In Paris suburbs, voters want to turn the page on riots

22nd April 2007, Comments 0 comments

ARGENTEUIL, France, April 22, 2007 (AFP) - Voters in rundown Paris suburbs on Sunday came out in large numbers to cast ballots, hoping the new president will tackle the problems that led to nationwide riots 18 months ago.

ARGENTEUIL, France, April 22, 2007 (AFP) - Voters in rundown Paris suburbs on Sunday came out in large numbers to cast ballots, hoping the new president will tackle the problems that led to nationwide riots 18 months ago.

Under a warm spring sun, residents of Arab and African origin queued alongside working-class French in a large gymnasium in Argenteuil to vote in the first round of an election to pick a successor to Jacques Chirac.

"As you can see, I am not the average European type but I feel completely French and it's important for me to vote," said Wayba Kheshiba, 37, born in France to Algerian parents.

Like many residents, pushing baby prams, playing football in a nearby field or strolling along pathways in the middle of grimy high-rise buildings, Kheshiba sees frontrunner Nicolas Sarkozy as a "change for the worse."

"There are many here who are going to be angry," if Sarkozy wins, said Kheshiba, who expects a flareup of riots if the rightwinger wins the two-round election being held Sunday and on May 6.

"France has changed. It is made up of different people and it should build itself up from all of these differences," said Kheshiba, who voted for Segolene Royal, the Socialist candidate who wants to become France's first woman president.

Samir, a 40-year-old worker of Turkish origin, also voted for Royal, saying that as interior minister Sarkozy had introduced tougher policing methods that had left the suburbs feeling like they were under siege.

"Madame Royal will bring in more work, more liberty. Under Sarkozy, people were pushed and pushed, they had no freedom," said Samir, who did not want to give his surname.

It was in Argenteuil, located on the northwest edge of Paris, that Sarkozy called young troublemakers "racaille," or rabble, in 2005. The description made the former interior minister an enemy of the high-immigrant suburbs.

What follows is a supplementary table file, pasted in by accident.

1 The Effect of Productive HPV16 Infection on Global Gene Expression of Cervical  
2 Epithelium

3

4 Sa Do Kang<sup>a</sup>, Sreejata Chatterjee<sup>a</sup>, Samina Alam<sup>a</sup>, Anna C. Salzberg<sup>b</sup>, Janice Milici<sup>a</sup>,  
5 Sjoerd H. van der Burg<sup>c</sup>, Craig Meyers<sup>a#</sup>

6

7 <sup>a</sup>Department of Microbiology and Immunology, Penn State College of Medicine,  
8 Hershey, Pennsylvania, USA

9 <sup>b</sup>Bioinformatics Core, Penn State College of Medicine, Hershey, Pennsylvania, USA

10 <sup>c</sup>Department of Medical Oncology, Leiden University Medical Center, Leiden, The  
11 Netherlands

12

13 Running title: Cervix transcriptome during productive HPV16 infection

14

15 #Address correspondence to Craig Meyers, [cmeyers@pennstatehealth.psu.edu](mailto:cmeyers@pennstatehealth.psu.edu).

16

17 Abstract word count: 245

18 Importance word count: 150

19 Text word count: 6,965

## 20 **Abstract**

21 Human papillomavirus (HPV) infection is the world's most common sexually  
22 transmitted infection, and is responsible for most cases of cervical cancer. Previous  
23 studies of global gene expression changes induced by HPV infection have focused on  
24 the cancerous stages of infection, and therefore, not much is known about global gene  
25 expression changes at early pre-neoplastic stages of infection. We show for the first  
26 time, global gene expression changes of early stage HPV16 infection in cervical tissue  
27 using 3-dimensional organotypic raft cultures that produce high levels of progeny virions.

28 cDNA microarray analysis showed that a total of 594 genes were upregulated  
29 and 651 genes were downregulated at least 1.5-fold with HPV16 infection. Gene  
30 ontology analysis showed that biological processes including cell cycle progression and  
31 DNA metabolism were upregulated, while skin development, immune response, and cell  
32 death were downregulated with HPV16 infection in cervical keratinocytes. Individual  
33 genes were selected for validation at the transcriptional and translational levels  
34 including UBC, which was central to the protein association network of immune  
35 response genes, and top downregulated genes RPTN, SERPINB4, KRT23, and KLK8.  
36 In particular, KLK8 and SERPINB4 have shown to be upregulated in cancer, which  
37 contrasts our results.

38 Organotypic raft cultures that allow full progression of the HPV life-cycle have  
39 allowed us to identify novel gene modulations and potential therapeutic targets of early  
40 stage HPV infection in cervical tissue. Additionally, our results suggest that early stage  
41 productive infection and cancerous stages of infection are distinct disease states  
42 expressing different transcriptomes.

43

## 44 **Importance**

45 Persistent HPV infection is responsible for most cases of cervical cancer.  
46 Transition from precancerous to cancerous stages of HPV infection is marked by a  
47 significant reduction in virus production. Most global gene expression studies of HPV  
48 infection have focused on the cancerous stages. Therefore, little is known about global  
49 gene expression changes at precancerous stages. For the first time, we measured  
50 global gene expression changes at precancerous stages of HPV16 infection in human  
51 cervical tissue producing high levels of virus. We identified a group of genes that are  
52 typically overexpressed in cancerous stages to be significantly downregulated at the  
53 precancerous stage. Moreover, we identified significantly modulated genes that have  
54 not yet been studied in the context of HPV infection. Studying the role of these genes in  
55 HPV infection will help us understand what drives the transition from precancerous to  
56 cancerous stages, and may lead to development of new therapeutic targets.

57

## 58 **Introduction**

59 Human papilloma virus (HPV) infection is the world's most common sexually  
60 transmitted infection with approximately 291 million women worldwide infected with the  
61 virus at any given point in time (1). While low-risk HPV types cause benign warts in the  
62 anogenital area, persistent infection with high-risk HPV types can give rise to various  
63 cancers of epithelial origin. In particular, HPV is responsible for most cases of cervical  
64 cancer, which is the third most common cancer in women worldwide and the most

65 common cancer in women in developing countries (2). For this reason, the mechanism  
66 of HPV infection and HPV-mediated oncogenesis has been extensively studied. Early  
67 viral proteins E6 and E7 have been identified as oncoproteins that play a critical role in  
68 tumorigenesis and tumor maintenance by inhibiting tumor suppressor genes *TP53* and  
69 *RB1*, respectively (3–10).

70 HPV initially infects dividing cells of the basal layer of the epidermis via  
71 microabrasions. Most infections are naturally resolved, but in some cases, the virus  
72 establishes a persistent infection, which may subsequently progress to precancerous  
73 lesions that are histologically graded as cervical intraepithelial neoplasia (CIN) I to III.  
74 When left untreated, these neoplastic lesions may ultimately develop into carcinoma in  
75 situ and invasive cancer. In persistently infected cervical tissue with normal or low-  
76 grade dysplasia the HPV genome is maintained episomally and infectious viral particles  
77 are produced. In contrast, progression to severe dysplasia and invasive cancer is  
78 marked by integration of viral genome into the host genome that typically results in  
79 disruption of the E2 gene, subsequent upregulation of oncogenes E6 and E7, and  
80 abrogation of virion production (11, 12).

Critics have accused Sarkozy of inflaming tensions in the poor towns ringing France's major cities that exploded into three weeks of violence in October and November 2005, the nation's worst civilian unrest in decades.

Some 10,000 cars were torched and hundreds of buildings burned during the riots, and residents say the tensions that erupted into violence remain latent.

But for Abderrahmane Seghir, 67, who emigrated to France when he was 22, a Sarkozy presidency is not a source of worry.

"You must respect the laws and respect authority. For those who don't, it's a problem," said Seghir, echoing Sarkozy's tough stance on law and order.

Voting was brisk at the polling stations, with elections officer Claudine Billiet looking with surprise at the 20 to 30 residents queueing in front of the three voting stations set up in the gymnasium.

"I've never seen anything like it," said Billiet.

In the flashpoint suburb of Clichy sous Bois, where the death of two teenage boys who had found refuge in an electrical station while fleeing police sparked the rioting in October 2005, turnout was also high.

Twenty-five year-old Ziad said he had not voted in the last election in 2002, but had this time cast a ballot for centrist Francois Bayrou, the surprise "third man" in the polls.

"Segolene, I just don't see her as president, Sarkozy, he's scary, so Bayrou was left," said Ziad.

Grassroots organisations in the suburbs had seized on the election season to call on residents to vote and ensure that the problems of the suburbs come to the fore.

Student Myriam Diedhiou, who at 18 was voting for the first time, said Sarkozy "had good ideas but he is too aggressive" and voted instead for Royal.

"For the youth, Sarkozy is an enemy, but for older people who feel vulnerable, there are many who will vote for him," said Diedhiou, whose parents emigrated to France from Senegal.

All of the candidates have made a trip to the suburbs a necessary stop on the campaign trail, but Sarkozy has mostly stayed away, meeting recently with 100 people in a Paris suburb, under close police watch.


Copyright AFP

Subject: French news

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